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QUESTION: In adults with panic disorder with or without agoraphobia, does the amount of therapist contact affect the effectiveness of cognitive behavioural therapy (CBT)?
26 general practices in eastern Scotland, UK.
104 patients who were 18–70 years of age (mean age 38 y) and had panic disorder with or without agoraphobia according to DSM-III-R, a Hamilton Anxiety Scale score ⩾15, a Montgomery Asberg Depression Rating Scale ⩽20, symptoms lasting ⩾3 months, and no psychological treatment for panic disorder and agoraphobia in the preceding 6 months. 88% of patients completed the study.
CBT was given with 1 of 3 levels of therapist contact: standard contact (n=36), minimum contact (n=31), or bibliotherapy (n=35). CBT involved exposure and behavioural and cognitive panic management techniques. All patients received the same treatment manual. Patients in the standard contact group had eight 45 minute sessions over 12 weeks (6 h total therapist contact). Patients in the minimum contact group had three 30 minute sessions and three 10 minute sessions (2 h total therapist contact). Patients in the bibliotherapy group had assessments on 3 days (90 min contact for assessment only).
Main outcome measures
Severity of illness (global symptom severity scale), change in symptoms (clinical global improvement scale), and social functioning (Sheehan Disability Scale).
The table shows the results. CBT was most effective in the standard contact group and least effective in the bibliotherapy group.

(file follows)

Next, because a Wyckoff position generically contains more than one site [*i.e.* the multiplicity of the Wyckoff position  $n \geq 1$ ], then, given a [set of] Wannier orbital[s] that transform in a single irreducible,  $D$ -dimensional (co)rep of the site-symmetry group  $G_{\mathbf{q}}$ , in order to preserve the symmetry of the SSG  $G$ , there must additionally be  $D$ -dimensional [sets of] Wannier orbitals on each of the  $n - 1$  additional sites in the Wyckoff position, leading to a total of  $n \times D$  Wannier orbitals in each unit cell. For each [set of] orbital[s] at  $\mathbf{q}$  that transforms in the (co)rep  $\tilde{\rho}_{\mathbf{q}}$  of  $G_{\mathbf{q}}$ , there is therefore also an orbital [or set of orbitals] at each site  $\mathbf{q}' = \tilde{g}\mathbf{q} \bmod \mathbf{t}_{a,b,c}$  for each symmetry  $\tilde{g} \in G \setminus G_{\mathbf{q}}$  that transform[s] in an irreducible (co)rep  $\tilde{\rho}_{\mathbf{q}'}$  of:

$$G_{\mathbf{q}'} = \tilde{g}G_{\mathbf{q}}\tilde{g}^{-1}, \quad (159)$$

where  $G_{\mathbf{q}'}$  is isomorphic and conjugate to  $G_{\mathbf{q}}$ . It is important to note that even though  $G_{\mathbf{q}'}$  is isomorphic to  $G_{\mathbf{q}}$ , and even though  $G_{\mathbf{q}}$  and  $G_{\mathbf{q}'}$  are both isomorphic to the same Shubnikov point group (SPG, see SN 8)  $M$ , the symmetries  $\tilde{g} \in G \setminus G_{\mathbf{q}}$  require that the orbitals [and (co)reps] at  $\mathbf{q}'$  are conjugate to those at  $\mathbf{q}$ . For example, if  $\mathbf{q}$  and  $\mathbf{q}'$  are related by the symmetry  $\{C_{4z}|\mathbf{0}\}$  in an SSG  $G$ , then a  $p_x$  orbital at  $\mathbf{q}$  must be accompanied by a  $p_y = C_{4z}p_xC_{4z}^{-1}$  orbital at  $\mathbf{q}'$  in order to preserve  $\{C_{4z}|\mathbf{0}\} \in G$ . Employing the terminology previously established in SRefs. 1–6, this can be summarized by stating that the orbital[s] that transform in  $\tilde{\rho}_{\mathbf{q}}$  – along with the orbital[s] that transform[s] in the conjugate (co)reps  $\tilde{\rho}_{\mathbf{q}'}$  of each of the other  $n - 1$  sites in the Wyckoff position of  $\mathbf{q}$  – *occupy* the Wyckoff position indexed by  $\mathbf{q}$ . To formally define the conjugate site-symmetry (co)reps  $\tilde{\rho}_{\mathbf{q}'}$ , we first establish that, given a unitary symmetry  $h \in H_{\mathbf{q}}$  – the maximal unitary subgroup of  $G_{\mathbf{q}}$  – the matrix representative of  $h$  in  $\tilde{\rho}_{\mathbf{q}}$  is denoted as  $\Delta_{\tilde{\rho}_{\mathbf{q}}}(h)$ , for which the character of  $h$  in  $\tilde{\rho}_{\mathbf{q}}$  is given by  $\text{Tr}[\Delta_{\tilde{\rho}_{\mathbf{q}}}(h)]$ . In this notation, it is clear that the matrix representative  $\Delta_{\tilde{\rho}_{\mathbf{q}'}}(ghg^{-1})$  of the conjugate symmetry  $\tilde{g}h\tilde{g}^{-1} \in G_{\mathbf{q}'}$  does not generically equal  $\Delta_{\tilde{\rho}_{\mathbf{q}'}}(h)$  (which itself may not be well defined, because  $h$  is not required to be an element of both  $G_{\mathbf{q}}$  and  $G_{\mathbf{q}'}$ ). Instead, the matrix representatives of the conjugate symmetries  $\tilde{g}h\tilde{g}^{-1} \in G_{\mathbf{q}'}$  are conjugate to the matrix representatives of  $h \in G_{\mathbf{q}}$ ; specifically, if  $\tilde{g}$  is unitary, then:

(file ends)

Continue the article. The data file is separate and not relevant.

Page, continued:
In adults with panic disorder (with or without agoraphobia), cognitive behavioural therapy was more effective when given with 6 hours of therapist contact than with 2 hours of therapist contact or bibliotherapy.
This timely study by Sharp et al yields good news and bad news. The bad news is that when panickers were treated with CBT, benefits of treatment decreased when therapist contact decreased. The study, however, also yields 3 pieces of good news.
Firstly, patients who received the most therapist contact did well, and the 6 hours of contact they received is less than that provided in many other studies of CBT.1
Secondly, patients who received less therapist contact did get some benefit. This result suggests the potential for a stepped care approach to treatment, in which panickers might first receive a low intensity intervention and those who do not respond are offered higher levels of care.
Thirdly, the study shows the feasibility of adapting treatments that are effective in a specialty setting to a primary care setting. This is important because most panickers seek treatment from their primary care physician. The medical setting is convenient and can capitalise on patients' already established trust in their physicians. Physicians can also support the panicker's participation in treatment. Of course, a controlled study that randomly assigns patients to treatment in primary care and specialty settings is needed to definitively evaluate the benefits of treating panickers in a primary care setting.
Finally, we offer a methodological point. We recommend that investigators conducting a study of this sort report the percentage of patients reaching a clinically meaningful criterion outcome.2 In the case of panickers, an obvious criterion is whether they are panic free.1 Reporting outcome in this way would provide information about the clinical significance of treatment benefits, facilitate comparison of results across studies, and promote stepped care approaches to treatment.
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